On Wednesday, October 30 there was an extraordinary conference at the Schomburg Center, marking the 75th anniversary of Gunnar Myrdal's American Dilemma. The conference was conceived and organized by Alondra Nelson and Dan O'Flaherty, and video of the entire event is available in two parts here (click on the landing page to see a menu). A companion digital platform brings to a much wider audience research memoranda written by the many exceptional scholars who worked alongside Myrdal, but who remain largely "hidden figures" to this day.
Speakers at the conference were limited to ten minutes. My own remarks were based on Chapter 8 of my recent book with Dan, which draws on material from the Schomburg archives. The text is reproduced below with a few minor edits and links added (the full session is in the Part 2 recording starting at around 2:50:00):
I’m so immensely grateful to the organizers for the opportunity to speak on this occasion, with this amazing group of panelists.
I’d like to speak mostly about crime and policing, which is the topic of my recent book with Dan, and how this work led us to the archives of the Schomburg Center in search of information on the history of police-community relations, and data on the historical use of deadly force.
As many other panelists have pointed out, American Dilemma was built on the work of dozens of researchers, who painstakingly assembled vast amounts information. Only part of that knowledge made it into print, much of the rest remains largely hidden from view.
I’ll talk about what Dan and I found in the Schomburg archives in just a few minutes, but let me begin by saying a few words about what we know about police-related homicides today.
One thing we know is that we don’t know much—there’s still no complete and reliable source of official data on the use of deadly force by police in the United States.
As Paul Butler has written in his book Chokehold, the “information about itself that a society collects—and does not collect—is always revealing about the values of that society. We know, as we should, exactly how many police officers are killed in the line of duty. But we do not know, as we should, exactly how many civilians are killed by the police.”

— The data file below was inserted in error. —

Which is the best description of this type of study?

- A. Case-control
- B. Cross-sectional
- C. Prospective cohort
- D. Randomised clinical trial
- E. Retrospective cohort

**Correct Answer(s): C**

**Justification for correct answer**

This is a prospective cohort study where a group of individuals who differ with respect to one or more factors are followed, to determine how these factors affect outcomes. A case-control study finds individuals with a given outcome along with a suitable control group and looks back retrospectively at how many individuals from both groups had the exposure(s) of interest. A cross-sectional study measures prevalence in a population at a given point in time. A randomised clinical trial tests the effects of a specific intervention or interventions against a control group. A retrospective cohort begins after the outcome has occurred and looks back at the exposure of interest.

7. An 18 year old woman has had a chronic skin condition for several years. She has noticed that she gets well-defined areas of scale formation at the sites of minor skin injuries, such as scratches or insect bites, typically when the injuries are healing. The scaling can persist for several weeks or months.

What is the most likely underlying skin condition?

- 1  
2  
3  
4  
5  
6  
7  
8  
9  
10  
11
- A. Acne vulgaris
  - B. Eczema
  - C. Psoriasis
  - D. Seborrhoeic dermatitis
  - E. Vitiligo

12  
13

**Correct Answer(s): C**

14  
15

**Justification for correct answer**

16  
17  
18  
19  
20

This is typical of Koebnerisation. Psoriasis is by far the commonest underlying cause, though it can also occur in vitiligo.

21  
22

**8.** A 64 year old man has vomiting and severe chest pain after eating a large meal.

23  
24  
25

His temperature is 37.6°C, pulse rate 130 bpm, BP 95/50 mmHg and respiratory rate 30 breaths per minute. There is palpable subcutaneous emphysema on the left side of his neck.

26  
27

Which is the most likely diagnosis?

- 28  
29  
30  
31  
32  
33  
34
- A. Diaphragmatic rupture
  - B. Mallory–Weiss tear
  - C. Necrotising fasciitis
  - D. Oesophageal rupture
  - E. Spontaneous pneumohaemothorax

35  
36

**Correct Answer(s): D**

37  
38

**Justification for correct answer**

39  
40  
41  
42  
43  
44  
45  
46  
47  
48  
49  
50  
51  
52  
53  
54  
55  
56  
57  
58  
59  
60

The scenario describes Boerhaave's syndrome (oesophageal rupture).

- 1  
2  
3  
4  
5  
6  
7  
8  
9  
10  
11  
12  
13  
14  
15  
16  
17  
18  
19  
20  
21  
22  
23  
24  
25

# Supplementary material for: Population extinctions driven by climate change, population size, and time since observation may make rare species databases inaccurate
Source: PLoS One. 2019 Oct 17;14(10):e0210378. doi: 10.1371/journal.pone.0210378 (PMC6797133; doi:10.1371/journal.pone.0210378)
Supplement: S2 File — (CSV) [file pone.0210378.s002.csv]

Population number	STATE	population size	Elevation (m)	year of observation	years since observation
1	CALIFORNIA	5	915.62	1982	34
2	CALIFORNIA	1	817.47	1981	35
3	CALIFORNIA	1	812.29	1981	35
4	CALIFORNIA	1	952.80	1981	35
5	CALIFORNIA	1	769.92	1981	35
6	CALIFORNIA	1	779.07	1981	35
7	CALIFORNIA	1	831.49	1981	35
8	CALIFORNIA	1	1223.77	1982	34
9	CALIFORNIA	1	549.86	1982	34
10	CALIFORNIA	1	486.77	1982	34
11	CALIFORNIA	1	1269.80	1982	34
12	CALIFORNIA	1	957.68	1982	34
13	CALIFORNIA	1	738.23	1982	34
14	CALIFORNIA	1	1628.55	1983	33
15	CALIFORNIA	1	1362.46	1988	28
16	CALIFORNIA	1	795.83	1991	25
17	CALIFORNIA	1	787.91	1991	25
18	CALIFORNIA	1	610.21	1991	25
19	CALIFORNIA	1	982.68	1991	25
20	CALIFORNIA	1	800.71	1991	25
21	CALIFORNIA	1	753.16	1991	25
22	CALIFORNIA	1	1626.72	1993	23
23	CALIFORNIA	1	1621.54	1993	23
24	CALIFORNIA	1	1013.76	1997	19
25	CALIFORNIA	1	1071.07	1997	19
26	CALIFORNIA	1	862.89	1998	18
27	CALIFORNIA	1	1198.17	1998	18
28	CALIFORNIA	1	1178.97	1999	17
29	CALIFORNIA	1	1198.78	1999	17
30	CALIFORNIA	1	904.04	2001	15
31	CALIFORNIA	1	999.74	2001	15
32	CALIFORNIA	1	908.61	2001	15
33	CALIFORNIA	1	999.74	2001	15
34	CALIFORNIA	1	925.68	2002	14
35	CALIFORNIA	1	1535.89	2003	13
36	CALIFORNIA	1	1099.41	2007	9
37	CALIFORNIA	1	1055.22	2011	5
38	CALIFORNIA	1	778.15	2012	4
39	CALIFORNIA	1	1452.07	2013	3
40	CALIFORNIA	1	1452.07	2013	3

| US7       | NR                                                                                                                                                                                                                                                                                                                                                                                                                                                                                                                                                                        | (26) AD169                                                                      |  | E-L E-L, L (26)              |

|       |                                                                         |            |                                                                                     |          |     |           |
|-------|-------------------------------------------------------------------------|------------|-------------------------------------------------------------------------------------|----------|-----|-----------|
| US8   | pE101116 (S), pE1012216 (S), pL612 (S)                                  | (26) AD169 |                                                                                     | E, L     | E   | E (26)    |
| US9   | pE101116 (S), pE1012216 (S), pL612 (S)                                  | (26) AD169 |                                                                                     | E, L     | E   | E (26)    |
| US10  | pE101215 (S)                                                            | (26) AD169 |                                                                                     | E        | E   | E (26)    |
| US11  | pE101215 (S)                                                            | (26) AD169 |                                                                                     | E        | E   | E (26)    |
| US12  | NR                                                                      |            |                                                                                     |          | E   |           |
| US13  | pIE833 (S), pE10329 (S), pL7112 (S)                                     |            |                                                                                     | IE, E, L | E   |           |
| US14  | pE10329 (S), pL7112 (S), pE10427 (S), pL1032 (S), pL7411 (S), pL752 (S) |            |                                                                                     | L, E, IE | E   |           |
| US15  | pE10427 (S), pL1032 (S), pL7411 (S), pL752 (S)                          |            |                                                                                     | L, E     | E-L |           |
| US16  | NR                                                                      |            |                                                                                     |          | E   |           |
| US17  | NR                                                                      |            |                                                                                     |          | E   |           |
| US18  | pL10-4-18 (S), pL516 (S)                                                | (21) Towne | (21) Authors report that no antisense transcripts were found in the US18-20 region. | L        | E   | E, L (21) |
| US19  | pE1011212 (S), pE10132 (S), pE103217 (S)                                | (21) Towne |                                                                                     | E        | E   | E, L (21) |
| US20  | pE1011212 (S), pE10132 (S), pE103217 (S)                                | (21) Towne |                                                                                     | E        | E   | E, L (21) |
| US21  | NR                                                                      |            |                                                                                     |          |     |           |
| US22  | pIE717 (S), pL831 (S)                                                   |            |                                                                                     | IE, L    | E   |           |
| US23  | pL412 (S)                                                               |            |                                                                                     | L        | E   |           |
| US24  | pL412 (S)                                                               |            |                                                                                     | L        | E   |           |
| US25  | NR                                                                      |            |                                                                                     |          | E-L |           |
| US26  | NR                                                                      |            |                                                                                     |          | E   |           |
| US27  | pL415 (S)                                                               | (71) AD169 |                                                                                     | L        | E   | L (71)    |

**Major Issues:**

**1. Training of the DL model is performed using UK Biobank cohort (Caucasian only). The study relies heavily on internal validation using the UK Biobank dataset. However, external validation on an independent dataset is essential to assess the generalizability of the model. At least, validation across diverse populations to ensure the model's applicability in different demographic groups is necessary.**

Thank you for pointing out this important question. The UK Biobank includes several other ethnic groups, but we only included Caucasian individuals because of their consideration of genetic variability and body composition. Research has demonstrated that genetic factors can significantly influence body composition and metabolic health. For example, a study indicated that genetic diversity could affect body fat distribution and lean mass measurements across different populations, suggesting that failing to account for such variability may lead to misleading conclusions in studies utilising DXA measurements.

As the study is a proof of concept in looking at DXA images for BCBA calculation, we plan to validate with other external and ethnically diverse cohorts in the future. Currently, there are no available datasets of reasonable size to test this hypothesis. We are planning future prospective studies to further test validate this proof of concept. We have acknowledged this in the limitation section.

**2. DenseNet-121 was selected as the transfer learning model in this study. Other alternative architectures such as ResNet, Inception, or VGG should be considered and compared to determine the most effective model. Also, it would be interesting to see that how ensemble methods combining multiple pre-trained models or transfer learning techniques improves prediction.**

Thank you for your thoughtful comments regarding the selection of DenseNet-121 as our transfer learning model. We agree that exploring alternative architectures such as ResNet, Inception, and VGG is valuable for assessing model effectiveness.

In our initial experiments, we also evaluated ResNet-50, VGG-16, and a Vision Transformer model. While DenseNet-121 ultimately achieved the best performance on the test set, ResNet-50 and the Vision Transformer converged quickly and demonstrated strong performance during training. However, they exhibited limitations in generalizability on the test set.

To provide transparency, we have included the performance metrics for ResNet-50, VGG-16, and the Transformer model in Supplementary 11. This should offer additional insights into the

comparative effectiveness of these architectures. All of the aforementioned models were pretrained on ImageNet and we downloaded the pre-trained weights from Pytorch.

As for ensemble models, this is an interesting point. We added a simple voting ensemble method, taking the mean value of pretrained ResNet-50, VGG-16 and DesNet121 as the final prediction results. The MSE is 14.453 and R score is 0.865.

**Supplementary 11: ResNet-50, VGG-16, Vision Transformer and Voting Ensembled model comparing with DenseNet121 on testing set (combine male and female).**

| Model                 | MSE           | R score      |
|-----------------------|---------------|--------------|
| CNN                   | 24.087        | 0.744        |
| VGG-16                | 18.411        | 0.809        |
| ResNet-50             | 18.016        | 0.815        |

Even James Comey, when he was FBI Director in 2015, described the absence of official statistics on police homicides as embarrassing, ridiculous, and unacceptable.
But over the past few years, unofficial statistics have started to be compiled, some by traditional media organizations like the Guardian and the Washington Post, and others by relatively new online sources like Mapping Police Violence and Fatal Encounters.
These data only go back a few years, but we can already see a few patterns that I’d like to bring to your attention.
First, the scale of police killing in the United States far exceeds that in other comparable countries. According to the Guardian data, police kill about 1,100 civilians a year. In contrast, German police kill about 8 and British police about 2. The US population is about three times as large as these countries combined, but the rate of deadly force is more than a hundred times as great.
Second, there are significant racial and ethnic disparities in exposure to deadly force. The most highly exposed groups are African Americans and Native Americans, followed by Latinos, and the least exposed are whites and Asians. In the Guardian data for example, African Americans are about two and half times as likely to be victims of lethal force relative to white civilians. But these racial and ethnic disparities vary widely by location: in the five largest cities, the ratio of black to white exposure to lethal force ranges from four in Houston to eighteen in Chicago.
Third, there are staggering differences across states in the incidence of lethal force. The deadliest states have about eight times the rate of lethal force as the safest. Police homicides occur most often in Western states and parts of the South. The eight states with the highest incidence in the Guardian data are New Mexico, Oklahoma, Alaska, Arizona, Wyoming, West Virginia, Colorado, and Nevada. Six of these are in the West, the other two in the South. By contrast, the safest states are in the Northeast.
Fourth, extremely large differences also exist among the largest cities. New York and Los Angeles are both large, diverse, coastal, and liberal cities with strict gun laws, but every demographic group is much safer in New York than in Los Angeles today. White civilians in Los Angeles are almost four times as likely to be killed by police as those in New York. Latinos in Los Angeles are more than eight times as likely to be killed as those in New York. And Houston is even deadlier for white civilians than Los Angeles. In fact, the differences in overall rates is so great that white residents of Houston are more likely to be killed by police than African Americans in New York City.
Fifth, and this came as a surprise to us, many states in the South, including the secessionist states of the former confederacy, have smaller racial disparities in exposure to lethal force than states elsewhere. Many of these Southern states have approximate parity between rates of lethal force faced by black and white civilians in the Guardian data. This is true of Mississippi, Alabama, South Carolina, Georgia, Arkansas, and Tennessee for example.